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Avoiding Scams, what to look out for

Scams are everywhere you look nowadays; via email, phone, text & messaging apps., Social Media sites and apps. (Facebook, Instagram, TikTok, etc.) and of course, online in general and through the post! Knowing what scams are out there and how they work is very helpful, but scams are constantly changing and evolving and the number and types increasing all the time, so keeping up is difficult. But that's not to say it's not worthwhile - it definitely is. The more you know, the better prepared you are and less likely to get caught out.
There are several ways to keep up with scams, including TV programs, local community discussion websites and specialist websites, such as Citizens Advice, ActionFraud.Police and of course,
! But, as helpful as keeping up with the latest scams is, there are other ways to help keep yourself safe from scammers. This is to learn how to recognise a scam in the first place, which will help you avoid scams you've not heard of before. How do you do this?
There are several key things that give a scam away.
The first thing is, a stranger calls, or messages you, claiming to be from your bank, Visa, the police, Amazon, your phone/water or other company. So, how do you know they are who they say they are? The fact is, most banks and companies will NEVER phone you - so, just who is this person calling you? If you don't - literally - already know the person who's calling, then you cannot know
for sure
that they are who they say they are - so
trust them, its
unlikely to be true! These organisations are very unlikely to message you - they are not interested if you have a problem with your service or account, all they care is that you keep paying them!
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Secondly, they (or something) tells you that something has gone wrong, or is about to go wrong, or that something bad has happened, or is about to happen and that you need to take action and do something about it - usually immediately. Generally, these are unexpected - but credible - events, usually claimed to have dire results if you do noting. Often, they are warnings that you are being scammed, or have been, or are about to be scammed! Ironic or what? It would be funny if it wasn't so serious and potentially disasterous for
- financially and emotionally.
However, even if an email, text, or other message comes from someone you know (it comes up with their name, and/or is in a sequence of messages to/from that person) you
cannot be sure that it is from them, as it could have been 'spoofed' This is faking an email or message (by hiding the origin and ID of the sender and replacing it with another) so that it looks EXACTLY like it's from someone or a company that you're either likely to know and trust, or that you have had dealings with before. Often, these messages fit into a conversation you are already in with someone, making them particularly difficult to spot, so be
wary of any request for money, or to change a payment amount and/or destination (pay in account), no matter
WHO it comes from
; in fact, the more trustworthy the person it seems to be from is (esp. one of your children, a sibling, or parent), the more likely it is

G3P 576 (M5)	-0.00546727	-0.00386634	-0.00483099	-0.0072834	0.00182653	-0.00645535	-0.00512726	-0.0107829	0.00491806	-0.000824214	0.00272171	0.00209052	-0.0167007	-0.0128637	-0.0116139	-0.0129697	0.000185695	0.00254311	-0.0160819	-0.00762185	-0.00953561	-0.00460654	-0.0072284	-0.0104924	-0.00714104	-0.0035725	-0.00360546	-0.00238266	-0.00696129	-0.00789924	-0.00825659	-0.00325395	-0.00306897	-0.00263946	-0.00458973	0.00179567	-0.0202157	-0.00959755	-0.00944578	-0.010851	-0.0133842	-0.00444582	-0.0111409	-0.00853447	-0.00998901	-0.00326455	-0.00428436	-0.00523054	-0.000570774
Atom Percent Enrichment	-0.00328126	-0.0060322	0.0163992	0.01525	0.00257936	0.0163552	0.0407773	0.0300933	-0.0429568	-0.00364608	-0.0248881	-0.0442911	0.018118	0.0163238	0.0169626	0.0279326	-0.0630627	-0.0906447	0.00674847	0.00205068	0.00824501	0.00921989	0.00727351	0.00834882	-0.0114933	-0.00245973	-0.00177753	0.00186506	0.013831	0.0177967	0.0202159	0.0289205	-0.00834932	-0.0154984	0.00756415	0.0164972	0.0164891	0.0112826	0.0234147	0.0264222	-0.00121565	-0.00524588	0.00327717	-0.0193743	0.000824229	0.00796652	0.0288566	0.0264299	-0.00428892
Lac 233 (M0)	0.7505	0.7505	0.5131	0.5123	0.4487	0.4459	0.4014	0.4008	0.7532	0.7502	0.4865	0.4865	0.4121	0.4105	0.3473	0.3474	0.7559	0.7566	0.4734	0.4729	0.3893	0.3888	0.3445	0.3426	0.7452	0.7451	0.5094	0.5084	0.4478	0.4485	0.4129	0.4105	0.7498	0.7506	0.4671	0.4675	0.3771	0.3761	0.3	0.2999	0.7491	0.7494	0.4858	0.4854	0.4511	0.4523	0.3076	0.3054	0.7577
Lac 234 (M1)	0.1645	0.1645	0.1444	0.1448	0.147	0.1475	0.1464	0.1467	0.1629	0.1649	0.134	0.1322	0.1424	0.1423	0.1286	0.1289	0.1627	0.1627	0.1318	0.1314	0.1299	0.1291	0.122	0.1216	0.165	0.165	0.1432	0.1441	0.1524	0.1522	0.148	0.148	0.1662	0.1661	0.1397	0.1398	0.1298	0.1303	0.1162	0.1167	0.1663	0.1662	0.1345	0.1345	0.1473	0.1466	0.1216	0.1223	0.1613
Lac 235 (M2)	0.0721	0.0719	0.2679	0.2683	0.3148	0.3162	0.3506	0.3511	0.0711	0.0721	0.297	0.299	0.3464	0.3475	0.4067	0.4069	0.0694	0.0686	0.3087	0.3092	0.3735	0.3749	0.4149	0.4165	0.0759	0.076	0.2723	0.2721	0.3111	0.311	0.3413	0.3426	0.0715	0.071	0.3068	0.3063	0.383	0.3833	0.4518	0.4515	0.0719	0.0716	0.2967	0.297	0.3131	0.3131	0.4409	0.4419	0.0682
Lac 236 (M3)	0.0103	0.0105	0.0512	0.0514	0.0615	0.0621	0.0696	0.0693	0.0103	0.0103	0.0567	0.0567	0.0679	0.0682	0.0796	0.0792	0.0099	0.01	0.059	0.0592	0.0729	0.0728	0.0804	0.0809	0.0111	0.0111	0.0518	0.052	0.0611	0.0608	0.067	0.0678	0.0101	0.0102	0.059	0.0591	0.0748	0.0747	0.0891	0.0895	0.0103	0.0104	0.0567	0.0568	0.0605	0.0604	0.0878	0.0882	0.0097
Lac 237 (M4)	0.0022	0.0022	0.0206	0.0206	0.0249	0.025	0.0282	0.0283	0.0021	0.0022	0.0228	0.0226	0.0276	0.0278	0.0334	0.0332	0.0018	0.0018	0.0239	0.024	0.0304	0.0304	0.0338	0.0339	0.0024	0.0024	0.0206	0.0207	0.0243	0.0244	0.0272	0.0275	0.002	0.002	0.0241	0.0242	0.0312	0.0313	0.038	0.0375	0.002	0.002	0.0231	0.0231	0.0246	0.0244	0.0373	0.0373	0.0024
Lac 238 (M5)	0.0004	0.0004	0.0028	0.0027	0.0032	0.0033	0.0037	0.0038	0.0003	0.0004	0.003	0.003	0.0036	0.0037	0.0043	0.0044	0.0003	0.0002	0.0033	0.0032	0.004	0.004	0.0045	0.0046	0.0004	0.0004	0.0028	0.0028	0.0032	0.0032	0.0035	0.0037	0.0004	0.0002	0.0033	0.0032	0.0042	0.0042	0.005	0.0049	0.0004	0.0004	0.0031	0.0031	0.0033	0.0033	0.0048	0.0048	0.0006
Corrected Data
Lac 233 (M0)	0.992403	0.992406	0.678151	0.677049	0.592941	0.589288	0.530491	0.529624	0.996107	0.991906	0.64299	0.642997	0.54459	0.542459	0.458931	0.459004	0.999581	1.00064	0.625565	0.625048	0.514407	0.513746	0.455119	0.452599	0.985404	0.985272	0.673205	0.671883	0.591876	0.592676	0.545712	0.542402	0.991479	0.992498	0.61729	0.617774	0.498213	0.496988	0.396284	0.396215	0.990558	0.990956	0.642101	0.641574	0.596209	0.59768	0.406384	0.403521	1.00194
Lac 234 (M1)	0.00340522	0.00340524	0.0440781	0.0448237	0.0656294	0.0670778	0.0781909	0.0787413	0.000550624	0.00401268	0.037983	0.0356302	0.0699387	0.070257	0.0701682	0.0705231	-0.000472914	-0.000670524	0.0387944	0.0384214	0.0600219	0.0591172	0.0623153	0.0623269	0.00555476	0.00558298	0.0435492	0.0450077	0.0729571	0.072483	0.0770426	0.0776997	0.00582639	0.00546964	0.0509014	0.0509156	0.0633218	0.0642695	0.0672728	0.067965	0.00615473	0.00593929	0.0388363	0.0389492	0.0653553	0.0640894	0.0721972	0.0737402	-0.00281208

from them and is a SCAM. Click here to go to our page on Spoofing
In this case, check the content of the message and if it is even slightly unusual, or asks for money, or even a change to who/where an expected or usual payment should go to -
that it has actually come from them;
If you can't get in touch with them to verify that it is genuine, don't pay or change anything until you can! Is it really too much trouble or embarrasing to phone someone to check if you're being scammed? More trouble and embarrasing than losing hundereds or thousands of pounds, or having your bank account cleared out? Think about that. For more information on this, see our page on Spoofing.
Another key giveaway to it being a scam is that they will often ask for access to one of your devices (laptop/tablet/phone) or to one or more of your accounts. No genuine bank or company shoudl do this. Then there is the request to transfer, pay or be paid or refunded money. Yes, even a payment TO you, or a refund is a serious risk of it being a scam. Lastly, there is almost always an element of surprise and urgency; scams usually come out of the blue, unexpectedly and you are either required, or simply frightened into doing something about it quickly. If any of these elements are evident, STOP and think, do not take action straight away!
Instead, check that the person calling is who they say they are, or that the website is genuine and not a fake copy (check the
web address and content and open a new page and go direct to the correct site by typing the name into the address bar). If you cannot guarantee that they caller, message or website is genuine, then hang up or close your message or web page and do some checks. Do nothing until you can be sure it is genuine - which is very unlikely if any of the above key indicators are evident!
As we have said, the fact is, most companies will NEVER phone you. First and foremost, stay alert. Be aware that you could get a scam phone call, email, text or other message at any time, or a web site might not be what it claims or appears to be. Scam phone calls are often early morning, or sometimes late at night, when you're not fully awake, or have a lot going on and are more likely to get caught out. If the call/text calls for
action or attention to a 'problem' or an 'unmissable offer', there's a very good chance that it's a scam! Click here to jump straight to the list of Common Scams:
We all instinctively want to trust others, which is something scammers rely on, but that can be our downfall. Most people are fairly trustworthy, but some are clearly not and, unfortunately, it's impossible to tell for sure who (or what site) is, or isn't, honest and trustworthy. So, whoever you are, whatever your age, always be on your guard - it's